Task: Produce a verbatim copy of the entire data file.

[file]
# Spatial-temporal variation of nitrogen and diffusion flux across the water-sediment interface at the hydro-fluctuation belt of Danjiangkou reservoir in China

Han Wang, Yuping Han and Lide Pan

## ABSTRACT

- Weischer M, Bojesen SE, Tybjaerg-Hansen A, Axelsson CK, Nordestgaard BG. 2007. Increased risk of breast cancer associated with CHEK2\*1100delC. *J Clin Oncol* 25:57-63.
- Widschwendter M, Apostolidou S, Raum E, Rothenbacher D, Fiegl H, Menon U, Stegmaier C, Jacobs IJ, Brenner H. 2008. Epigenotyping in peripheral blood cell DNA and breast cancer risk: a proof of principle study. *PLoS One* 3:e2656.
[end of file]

# Spatial-temporal variation of nitrogen and diffusion flux across the water-sediment interface at the hydro-fluctuation belt of Danjiangkou reservoir in China

Han Wang, Yuping Han and Lide Pan

## ABSTRACT

- Weischer M, Bojesen SE, Tybjaerg-Hansen A, Axelsson CK, Nordestgaard BG. 2007. Increased risk of breast cancer associated with CHEK2\*1100delC. *J Clin Oncol* 25:57-63.
- Widschwendter M, Apostolidou S, Raum E, Rothenbacher D, Fiegl H, Menon U, Stegmaier C, Jacobs IJ, Brenner H. 2008. Epigenotyping in peripheral blood cell DNA and breast cancer risk: a proof of principle study. *PLoS One* 3:e2656.